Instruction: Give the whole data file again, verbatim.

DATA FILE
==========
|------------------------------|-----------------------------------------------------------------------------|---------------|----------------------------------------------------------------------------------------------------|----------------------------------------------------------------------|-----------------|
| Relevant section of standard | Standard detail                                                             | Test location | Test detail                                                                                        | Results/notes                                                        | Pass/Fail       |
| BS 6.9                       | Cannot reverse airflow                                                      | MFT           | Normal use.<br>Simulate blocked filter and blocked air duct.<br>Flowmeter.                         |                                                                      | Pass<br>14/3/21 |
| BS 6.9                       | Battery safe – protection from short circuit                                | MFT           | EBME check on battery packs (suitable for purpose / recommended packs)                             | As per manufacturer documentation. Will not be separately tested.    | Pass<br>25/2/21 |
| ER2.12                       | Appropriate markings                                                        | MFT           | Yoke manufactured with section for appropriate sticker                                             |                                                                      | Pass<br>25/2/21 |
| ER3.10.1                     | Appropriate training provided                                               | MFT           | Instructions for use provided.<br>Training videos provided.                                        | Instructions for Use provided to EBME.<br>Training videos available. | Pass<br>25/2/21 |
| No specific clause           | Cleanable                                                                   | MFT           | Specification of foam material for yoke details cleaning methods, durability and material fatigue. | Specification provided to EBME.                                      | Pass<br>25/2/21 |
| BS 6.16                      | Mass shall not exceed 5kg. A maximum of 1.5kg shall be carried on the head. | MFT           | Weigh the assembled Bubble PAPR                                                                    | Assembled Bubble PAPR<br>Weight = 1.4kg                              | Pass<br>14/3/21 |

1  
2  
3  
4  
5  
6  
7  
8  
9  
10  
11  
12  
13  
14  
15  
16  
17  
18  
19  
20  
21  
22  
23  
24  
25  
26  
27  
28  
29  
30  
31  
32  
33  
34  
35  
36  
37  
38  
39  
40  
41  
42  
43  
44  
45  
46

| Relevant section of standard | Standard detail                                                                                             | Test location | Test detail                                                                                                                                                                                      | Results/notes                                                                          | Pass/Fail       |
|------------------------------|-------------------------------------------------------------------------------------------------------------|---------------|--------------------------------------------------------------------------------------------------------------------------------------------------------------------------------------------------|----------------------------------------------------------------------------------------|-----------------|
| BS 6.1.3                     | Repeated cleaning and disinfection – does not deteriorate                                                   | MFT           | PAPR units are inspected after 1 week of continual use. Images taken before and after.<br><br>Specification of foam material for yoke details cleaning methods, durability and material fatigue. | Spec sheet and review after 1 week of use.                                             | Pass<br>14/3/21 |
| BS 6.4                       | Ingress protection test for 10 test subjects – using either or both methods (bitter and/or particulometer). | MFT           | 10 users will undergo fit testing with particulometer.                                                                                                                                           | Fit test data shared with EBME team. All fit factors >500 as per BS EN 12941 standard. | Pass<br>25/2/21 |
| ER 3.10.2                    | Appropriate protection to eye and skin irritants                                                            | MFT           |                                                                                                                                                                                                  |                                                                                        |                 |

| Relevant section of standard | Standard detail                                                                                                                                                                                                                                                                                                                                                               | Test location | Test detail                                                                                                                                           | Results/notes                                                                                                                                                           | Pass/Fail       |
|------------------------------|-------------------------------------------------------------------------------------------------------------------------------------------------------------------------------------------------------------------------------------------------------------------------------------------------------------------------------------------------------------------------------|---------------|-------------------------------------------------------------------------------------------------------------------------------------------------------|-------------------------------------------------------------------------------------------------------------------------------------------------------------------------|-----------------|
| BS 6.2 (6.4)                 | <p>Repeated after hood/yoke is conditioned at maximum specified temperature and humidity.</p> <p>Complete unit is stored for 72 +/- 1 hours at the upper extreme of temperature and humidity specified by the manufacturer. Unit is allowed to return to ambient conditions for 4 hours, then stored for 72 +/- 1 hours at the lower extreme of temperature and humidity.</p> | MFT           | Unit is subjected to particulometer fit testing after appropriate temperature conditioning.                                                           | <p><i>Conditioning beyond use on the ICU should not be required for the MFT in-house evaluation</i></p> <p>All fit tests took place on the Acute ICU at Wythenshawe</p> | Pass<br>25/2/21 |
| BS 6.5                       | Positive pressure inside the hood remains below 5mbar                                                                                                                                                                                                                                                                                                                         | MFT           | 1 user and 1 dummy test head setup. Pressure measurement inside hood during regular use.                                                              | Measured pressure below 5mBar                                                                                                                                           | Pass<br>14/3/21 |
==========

|------------------------------|-----------------------------------------------------------------------------|---------------|----------------------------------------------------------------------------------------------------|----------------------------------------------------------------------|-----------------|
| Relevant section of standard | Standard detail                                                             | Test location | Test detail                                                                                        | Results/notes                                                        | Pass/Fail       |
| BS 6.9                       | Cannot reverse airflow                                                      | MFT           | Normal use.<br>Simulate blocked filter and blocked air duct.<br>Flowmeter.                         |                                                                      | Pass<br>14/3/21 |
| BS 6.9                       | Battery safe – protection from short circuit                                | MFT           | EBME check on battery packs (suitable for purpose / recommended packs)                             | As per manufacturer documentation. Will not be separately tested.    | Pass<br>25/2/21 |
| ER2.12                       | Appropriate markings                                                        | MFT           | Yoke manufactured with section for appropriate sticker                                             |                                                                      | Pass<br>25/2/21 |
| ER3.10.1                     | Appropriate training provided                                               | MFT           | Instructions for use provided.<br>Training videos provided.                                        | Instructions for Use provided to EBME.<br>Training videos available. | Pass<br>25/2/21 |
| No specific clause           | Cleanable                                                                   | MFT           | Specification of foam material for yoke details cleaning methods, durability and material fatigue. | Specification provided to EBME.                                      | Pass<br>25/2/21 |
| BS 6.16                      | Mass shall not exceed 5kg. A maximum of 1.5kg shall be carried on the head. | MFT           | Weigh the assembled Bubble PAPR                                                                    | Assembled Bubble PAPR<br>Weight = 1.4kg                              | Pass<br>14/3/21 |

1  
2  
3  
4  
5  
6  
7  
8  
9  
10  
11  
12  
13  
14  
15  
16  
17  
18  
19  
20  
21  
22  
23  
24  
25  
26  
27  
28  
29  
30  
31  
32  
33  
34  
35  
36  
37  
38  
39  
40  
41  
42  
43  
44  
45  
46

| Relevant section of standard | Standard detail                                                                                             | Test location | Test detail                                                                                                                                                                                      | Results/notes                                                                          | Pass/Fail       |
|------------------------------|-------------------------------------------------------------------------------------------------------------|---------------|--------------------------------------------------------------------------------------------------------------------------------------------------------------------------------------------------|----------------------------------------------------------------------------------------|-----------------|
| BS 6.1.3                     | Repeated cleaning and disinfection – does not deteriorate                                                   | MFT           | PAPR units are inspected after 1 week of continual use. Images taken before and after.<br><br>Specification of foam material for yoke details cleaning methods, durability and material fatigue. | Spec sheet and review after 1 week of use.                                             | Pass<br>14/3/21 |
| BS 6.4                       | Ingress protection test for 10 test subjects – using either or both methods (bitter and/or particulometer). | MFT           | 10 users will undergo fit testing with particulometer.                                                                                                                                           | Fit test data shared with EBME team. All fit factors >500 as per BS EN 12941 standard. | Pass<br>25/2/21 |
| ER 3.10.2                    | Appropriate protection to eye and skin irritants                                                            | MFT           |                                                                                                                                                                                                  |                                                                                        |                 |

| Relevant section of standard | Standard detail                                                                                                                                                                                                                                                                                                                                                               | Test location | Test detail                                                                                                                                           | Results/notes                                                                                                                                                           | Pass/Fail       |
|------------------------------|-------------------------------------------------------------------------------------------------------------------------------------------------------------------------------------------------------------------------------------------------------------------------------------------------------------------------------------------------------------------------------|---------------|-------------------------------------------------------------------------------------------------------------------------------------------------------|-------------------------------------------------------------------------------------------------------------------------------------------------------------------------|-----------------|
| BS 6.2 (6.4)                 | <p>Repeated after hood/yoke is conditioned at maximum specified temperature and humidity.</p> <p>Complete unit is stored for 72 +/- 1 hours at the upper extreme of temperature and humidity specified by the manufacturer. Unit is allowed to return to ambient conditions for 4 hours, then stored for 72 +/- 1 hours at the lower extreme of temperature and humidity.</p> | MFT           | Unit is subjected to particulometer fit testing after appropriate temperature conditioning.                                                           | <p><i>Conditioning beyond use on the ICU should not be required for the MFT in-house evaluation</i></p> <p>All fit tests took place on the Acute ICU at Wythenshawe</p> | Pass<br>25/2/21 |
| BS 6.5                       | Positive pressure inside the hood remains below 5mbar                                                                                                                                                                                                                                                                                                                         | MFT           | 1 user and 1 dummy test head setup. Pressure measurement inside hood during regular use.                                                              | Measured pressure below 5mBar                                                                                                                                           | Pass<br>14/3/21 |